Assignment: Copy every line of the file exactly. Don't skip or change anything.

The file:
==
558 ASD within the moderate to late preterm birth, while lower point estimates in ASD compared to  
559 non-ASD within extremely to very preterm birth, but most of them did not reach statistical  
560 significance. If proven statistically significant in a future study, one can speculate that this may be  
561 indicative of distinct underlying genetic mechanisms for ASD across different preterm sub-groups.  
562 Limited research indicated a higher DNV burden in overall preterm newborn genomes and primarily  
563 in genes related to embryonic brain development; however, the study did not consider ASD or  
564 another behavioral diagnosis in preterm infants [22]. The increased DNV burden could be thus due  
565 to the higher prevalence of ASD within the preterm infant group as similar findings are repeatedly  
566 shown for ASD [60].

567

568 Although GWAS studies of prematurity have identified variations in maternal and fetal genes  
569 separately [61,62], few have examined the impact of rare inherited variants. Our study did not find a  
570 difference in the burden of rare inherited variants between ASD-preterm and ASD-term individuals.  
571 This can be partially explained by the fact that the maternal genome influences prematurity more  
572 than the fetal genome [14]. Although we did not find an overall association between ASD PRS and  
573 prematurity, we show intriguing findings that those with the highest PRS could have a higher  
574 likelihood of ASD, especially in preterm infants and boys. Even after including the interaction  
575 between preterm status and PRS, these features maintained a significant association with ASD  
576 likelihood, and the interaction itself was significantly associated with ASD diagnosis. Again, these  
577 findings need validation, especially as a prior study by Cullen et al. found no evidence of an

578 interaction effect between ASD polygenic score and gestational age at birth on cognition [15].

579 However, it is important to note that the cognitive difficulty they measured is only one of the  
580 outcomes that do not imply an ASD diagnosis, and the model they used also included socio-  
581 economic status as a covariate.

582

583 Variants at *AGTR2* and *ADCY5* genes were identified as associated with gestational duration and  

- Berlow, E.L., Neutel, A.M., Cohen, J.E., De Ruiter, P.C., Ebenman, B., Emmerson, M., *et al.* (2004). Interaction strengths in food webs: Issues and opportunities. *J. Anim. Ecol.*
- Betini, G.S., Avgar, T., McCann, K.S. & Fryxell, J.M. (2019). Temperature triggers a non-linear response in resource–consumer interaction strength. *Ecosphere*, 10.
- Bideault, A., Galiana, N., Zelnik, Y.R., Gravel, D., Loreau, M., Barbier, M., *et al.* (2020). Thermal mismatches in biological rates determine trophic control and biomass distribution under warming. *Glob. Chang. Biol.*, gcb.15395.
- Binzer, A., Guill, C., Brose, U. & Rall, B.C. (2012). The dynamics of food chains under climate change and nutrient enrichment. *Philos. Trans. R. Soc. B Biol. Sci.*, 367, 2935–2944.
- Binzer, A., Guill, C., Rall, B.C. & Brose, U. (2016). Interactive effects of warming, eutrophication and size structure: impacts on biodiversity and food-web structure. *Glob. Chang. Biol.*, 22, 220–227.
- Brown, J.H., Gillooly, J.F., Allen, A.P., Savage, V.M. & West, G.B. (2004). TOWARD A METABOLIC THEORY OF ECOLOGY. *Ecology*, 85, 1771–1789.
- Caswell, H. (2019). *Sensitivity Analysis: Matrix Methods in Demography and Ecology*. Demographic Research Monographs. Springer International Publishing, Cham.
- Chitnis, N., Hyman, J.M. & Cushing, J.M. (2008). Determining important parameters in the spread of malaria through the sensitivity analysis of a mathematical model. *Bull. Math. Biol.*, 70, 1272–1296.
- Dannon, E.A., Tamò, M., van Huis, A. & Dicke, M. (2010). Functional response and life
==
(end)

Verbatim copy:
558 ASD within the moderate to late preterm birth, while lower point estimates in ASD compared to  
559 non-ASD within extremely to very preterm birth, but most of them did not reach statistical  
560 significance. If proven statistically significant in a future study, one can speculate that this may be  
561 indicative of distinct underlying genetic mechanisms for ASD across different preterm sub-groups.  
562 Limited research indicated a higher DNV burden in overall preterm newborn genomes and primarily  
563 in genes related to embryonic brain development; however, the study did not consider ASD or  
564 another behavioral diagnosis in preterm infants [22]. The increased DNV burden could be thus due  
565 to the higher prevalence of ASD within the preterm infant group as similar findings are repeatedly  
566 shown for ASD [60].

567

568 Although GWAS studies of prematurity have identified variations in maternal and fetal genes  
569 separately [61,62], few have examined the impact of rare inherited variants. Our study did not find a  
570 difference in the burden of rare inherited variants between ASD-preterm and ASD-term individuals.  
571 This can be partially explained by the fact that the maternal genome influences prematurity more  
572 than the fetal genome [14]. Although we did not find an overall association between ASD PRS and  
573 prematurity, we show intriguing findings that those with the highest PRS could have a higher  
574 likelihood of ASD, especially in preterm infants and boys. Even after including the interaction  
575 between preterm status and PRS, these features maintained a significant association with ASD  
576 likelihood, and the interaction itself was significantly associated with ASD diagnosis. Again, these  
577 findings need validation, especially as a prior study by Cullen et al. found no evidence of an

578 interaction effect between ASD polygenic score and gestational age at birth on cognition [15].

579 However, it is important to note that the cognitive difficulty they measured is only one of the  
580 outcomes that do not imply an ASD diagnosis, and the model they used also included socio-  
581 economic status as a covariate.

582

583 Variants at *AGTR2* and *ADCY5* genes were identified as associated with gestational duration and  

- Berlow, E.L., Neutel, A.M., Cohen, J.E., De Ruiter, P.C., Ebenman, B., Emmerson, M., *et al.* (2004). Interaction strengths in food webs: Issues and opportunities. *J. Anim. Ecol.*
- Betini, G.S., Avgar, T., McCann, K.S. & Fryxell, J.M. (2019). Temperature triggers a non-linear response in resource–consumer interaction strength. *Ecosphere*, 10.
- Bideault, A., Galiana, N., Zelnik, Y.R., Gravel, D., Loreau, M., Barbier, M., *et al.* (2020). Thermal mismatches in biological rates determine trophic control and biomass distribution under warming. *Glob. Chang. Biol.*, gcb.15395.
- Binzer, A., Guill, C., Brose, U. & Rall, B.C. (2012). The dynamics of food chains under climate change and nutrient enrichment. *Philos. Trans. R. Soc. B Biol. Sci.*, 367, 2935–2944.
- Binzer, A., Guill, C., Rall, B.C. & Brose, U. (2016). Interactive effects of warming, eutrophication and size structure: impacts on biodiversity and food-web structure. *Glob. Chang. Biol.*, 22, 220–227.
- Brown, J.H., Gillooly, J.F., Allen, A.P., Savage, V.M. & West, G.B. (2004). TOWARD A METABOLIC THEORY OF ECOLOGY. *Ecology*, 85, 1771–1789.
- Caswell, H. (2019). *Sensitivity Analysis: Matrix Methods in Demography and Ecology*. Demographic Research Monographs. Springer International Publishing, Cham.
- Chitnis, N., Hyman, J.M. & Cushing, J.M. (2008). Determining important parameters in the spread of malaria through the sensitivity analysis of a mathematical model. *Bull. Math. Biol.*, 70, 1272–1296.
- Dannon, E.A., Tamò, M., van Huis, A. & Dicke, M. (2010). Functional response and life